It’s like deja vu, with a post-holiday surge happening all over again.
For the seventh day in a row Wednesday, Hawaii’s new daily coronavirus case numbers hit triple digits, repeating last year’s post-Fourth of July surge.
Health officials say the spike is due to the highly transmissible delta variant taking hold across the islands, a cause for concern as the state pushes to get 70% of the population vaccinated against COVID-19. The seven-day average daily case count of 113, as well as the positivity rate of 3.5%, is also significantly higher than it was at the same time last year.
The difference this summer, however, is that COVID-19 vaccines are available.
“It’s not as deadly as what we were experiencing a year ago,” said Hilton Raethel, head of the Healthcare Association of Hawaii. “We’re much better at treating COVID, and most older people are protected. But we could quite easily hit 100 patients in the hospital at the rate we’re going and that’s not a good thing.”
Raethel said some hospitals are already beginning to feel the strain, with no indication the rate of transmission will slow any time soon.
On Wednesday, the state Department of Health reported one new coronavirus-related death and 163 new confirmed and probable infections statewide, bringing the state’s totals since the start of the pandemic to 524 fatalities and 39,649 cases.
The latest fatality involved an Oahu man in his 50s with underlying health conditions who died at home.
The department also said it had detected an additional 69 delta variant cases, up from 57 from the last report July 12, bringing Hawaii’s total to 126 cases.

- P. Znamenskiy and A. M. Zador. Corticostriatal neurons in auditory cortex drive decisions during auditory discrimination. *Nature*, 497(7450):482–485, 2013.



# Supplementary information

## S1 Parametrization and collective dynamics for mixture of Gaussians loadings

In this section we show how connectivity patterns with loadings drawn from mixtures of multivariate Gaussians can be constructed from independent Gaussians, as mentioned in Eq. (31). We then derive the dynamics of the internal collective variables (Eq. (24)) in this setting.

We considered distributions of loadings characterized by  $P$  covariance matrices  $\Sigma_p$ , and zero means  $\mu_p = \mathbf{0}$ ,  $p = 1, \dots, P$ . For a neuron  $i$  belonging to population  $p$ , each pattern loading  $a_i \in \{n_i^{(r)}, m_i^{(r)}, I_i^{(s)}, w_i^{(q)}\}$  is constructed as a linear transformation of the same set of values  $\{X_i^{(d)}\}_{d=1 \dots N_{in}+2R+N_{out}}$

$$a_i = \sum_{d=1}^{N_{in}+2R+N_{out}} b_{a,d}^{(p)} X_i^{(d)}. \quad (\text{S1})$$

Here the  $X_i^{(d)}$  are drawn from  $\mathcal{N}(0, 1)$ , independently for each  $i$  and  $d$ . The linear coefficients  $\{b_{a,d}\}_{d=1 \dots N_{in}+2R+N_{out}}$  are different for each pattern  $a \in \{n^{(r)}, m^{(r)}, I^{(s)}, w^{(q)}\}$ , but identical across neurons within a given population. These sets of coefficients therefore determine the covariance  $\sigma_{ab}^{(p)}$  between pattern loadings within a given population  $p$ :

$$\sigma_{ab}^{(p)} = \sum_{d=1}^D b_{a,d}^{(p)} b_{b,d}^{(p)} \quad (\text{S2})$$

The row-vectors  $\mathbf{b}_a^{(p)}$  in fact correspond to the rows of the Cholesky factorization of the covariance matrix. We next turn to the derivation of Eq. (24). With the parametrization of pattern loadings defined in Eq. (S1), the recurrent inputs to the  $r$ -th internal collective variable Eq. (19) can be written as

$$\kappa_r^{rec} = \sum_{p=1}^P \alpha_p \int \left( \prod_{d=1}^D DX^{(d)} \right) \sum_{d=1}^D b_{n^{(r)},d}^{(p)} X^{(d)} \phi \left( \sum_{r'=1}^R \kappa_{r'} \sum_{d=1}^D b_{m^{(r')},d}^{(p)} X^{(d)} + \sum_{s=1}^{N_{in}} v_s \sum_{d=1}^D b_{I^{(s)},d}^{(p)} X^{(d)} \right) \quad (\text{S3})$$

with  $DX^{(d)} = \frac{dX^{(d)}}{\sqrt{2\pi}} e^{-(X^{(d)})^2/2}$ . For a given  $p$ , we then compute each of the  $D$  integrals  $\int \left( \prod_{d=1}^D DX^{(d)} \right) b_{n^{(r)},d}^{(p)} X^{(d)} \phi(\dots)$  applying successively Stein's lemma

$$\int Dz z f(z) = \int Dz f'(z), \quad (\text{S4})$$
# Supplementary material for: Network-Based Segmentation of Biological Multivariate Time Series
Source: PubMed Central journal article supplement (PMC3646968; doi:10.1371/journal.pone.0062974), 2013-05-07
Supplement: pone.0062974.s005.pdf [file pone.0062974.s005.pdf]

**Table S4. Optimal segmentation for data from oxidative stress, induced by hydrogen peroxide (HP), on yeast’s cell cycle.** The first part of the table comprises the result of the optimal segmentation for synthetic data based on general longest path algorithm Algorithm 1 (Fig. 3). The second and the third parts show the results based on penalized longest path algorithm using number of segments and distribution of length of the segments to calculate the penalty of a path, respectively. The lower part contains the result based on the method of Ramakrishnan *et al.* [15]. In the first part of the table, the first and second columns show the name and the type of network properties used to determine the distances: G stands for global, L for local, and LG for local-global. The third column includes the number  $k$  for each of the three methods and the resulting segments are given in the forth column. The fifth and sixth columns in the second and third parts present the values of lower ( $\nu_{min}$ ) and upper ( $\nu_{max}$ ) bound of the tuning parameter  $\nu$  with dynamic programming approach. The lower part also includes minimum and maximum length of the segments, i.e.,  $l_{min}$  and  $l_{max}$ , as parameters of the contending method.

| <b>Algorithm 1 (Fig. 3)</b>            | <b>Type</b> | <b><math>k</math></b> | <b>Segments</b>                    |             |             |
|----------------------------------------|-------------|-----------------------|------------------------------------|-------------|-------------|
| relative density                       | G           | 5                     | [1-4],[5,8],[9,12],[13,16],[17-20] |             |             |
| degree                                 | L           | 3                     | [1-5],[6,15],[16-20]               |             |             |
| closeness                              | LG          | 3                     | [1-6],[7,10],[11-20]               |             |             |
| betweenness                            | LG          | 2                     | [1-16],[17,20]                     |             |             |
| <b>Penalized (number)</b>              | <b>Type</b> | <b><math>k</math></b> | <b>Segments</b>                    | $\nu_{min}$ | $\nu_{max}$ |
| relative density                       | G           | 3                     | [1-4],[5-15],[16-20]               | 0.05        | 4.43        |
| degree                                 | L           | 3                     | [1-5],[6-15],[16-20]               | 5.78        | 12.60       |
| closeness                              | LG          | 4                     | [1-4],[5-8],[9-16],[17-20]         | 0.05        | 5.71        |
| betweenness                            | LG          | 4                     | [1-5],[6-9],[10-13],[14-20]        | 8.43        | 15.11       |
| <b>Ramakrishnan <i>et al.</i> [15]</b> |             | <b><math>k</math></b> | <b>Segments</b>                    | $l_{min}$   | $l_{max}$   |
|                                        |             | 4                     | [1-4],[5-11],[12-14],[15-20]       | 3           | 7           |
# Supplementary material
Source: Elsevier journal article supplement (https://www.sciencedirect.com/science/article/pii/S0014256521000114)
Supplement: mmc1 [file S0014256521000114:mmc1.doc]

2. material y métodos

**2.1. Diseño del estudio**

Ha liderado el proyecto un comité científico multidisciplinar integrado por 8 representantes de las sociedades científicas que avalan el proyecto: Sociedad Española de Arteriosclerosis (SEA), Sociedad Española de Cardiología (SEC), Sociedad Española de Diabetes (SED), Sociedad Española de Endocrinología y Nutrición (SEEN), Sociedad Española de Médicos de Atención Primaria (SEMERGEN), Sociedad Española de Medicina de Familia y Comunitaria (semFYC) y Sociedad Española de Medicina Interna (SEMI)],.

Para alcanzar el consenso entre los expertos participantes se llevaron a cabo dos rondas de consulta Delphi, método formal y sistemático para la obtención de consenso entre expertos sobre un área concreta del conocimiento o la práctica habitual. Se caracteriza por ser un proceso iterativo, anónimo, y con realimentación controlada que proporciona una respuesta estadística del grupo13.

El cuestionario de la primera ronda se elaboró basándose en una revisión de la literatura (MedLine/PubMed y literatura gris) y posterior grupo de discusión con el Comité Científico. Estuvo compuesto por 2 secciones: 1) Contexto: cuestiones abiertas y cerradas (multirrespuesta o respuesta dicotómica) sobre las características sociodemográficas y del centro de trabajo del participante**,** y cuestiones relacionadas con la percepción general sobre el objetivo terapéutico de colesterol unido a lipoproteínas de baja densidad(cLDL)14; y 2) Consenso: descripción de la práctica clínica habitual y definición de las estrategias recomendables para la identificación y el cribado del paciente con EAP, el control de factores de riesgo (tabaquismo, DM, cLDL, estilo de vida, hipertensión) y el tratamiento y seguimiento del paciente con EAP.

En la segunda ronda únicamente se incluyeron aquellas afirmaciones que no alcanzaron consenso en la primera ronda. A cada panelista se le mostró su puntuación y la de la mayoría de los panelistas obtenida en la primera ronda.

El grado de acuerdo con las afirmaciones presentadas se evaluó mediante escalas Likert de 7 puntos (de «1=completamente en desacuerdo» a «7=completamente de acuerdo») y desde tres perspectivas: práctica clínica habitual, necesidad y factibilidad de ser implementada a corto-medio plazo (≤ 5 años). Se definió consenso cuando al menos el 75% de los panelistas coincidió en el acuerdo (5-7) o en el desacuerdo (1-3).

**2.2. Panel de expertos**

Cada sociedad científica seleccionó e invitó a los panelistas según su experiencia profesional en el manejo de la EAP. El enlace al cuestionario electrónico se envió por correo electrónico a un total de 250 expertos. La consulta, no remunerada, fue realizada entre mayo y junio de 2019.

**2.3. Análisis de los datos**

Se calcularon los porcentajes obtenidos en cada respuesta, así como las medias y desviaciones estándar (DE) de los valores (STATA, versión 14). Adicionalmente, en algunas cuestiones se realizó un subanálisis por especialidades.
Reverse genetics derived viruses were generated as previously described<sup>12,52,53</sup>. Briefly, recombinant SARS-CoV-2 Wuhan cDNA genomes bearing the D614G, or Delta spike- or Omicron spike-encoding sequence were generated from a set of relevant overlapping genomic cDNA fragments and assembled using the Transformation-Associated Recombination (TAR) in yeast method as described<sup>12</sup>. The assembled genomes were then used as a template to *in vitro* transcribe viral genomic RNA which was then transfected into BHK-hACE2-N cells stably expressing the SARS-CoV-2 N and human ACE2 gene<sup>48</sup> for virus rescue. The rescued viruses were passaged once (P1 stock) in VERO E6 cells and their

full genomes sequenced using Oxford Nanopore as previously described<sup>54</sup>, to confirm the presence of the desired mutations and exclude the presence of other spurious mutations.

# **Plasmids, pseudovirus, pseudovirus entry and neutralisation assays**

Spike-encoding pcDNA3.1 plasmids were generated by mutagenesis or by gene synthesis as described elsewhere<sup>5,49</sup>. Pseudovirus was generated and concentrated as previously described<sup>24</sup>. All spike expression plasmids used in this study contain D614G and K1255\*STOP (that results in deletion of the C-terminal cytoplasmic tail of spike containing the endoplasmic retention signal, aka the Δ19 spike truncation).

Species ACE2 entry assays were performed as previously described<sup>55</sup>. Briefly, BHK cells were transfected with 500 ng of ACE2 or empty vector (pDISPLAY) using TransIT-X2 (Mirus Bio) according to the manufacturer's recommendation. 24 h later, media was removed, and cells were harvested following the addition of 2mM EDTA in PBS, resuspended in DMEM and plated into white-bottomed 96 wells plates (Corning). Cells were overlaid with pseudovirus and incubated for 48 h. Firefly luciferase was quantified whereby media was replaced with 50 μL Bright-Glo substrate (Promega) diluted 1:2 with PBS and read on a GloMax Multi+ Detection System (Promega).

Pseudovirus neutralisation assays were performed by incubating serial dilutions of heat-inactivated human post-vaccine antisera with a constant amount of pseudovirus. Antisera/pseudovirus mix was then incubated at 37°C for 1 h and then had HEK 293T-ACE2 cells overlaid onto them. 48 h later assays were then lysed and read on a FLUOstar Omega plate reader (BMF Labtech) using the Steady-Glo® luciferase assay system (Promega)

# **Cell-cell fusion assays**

Vaccination rates are high for Hawaii’s kupuna but drop for those in younger age groups. Only a little more than half of adults ages 18 to 29 have completed vaccinations, according to DOH.
Health officials said about 97% of those newly infected with COVID-19 in Hawaii are the remaining third of the state’s population who remain unvaccinated.
“It actually is quite alarming because the infection rate in the unvaccinated population is actually higher now than what it was in the entire population last year,” Raethel said.
Hospitalization rates are also on the rise, officials said, and among the COVID-19 patients landing in the hospital are unvaccinated patients in their 20s and 30s.
Lt. Gov. Josh Green said there were 72 patients with COVID-19 in hospitals on Wednesday, including more than a dozen in intensive care units. Among those in ICUs were a 23-year-old and 32-year-old, both of whom were unvaccinated.
Young people have a better chance of pulling through an infection, he said, and while daily coronavirus cases are expected to continue rising, the fatality rate is expected to drop.
So there are some parallels to the last surge in that there is community spread, he said, but this time around two-thirds of the population is either partially or fully immunized.
“It’s deja vu for a smaller population,” he said. “It’s deja vu for only a third of the state and not the whole state.”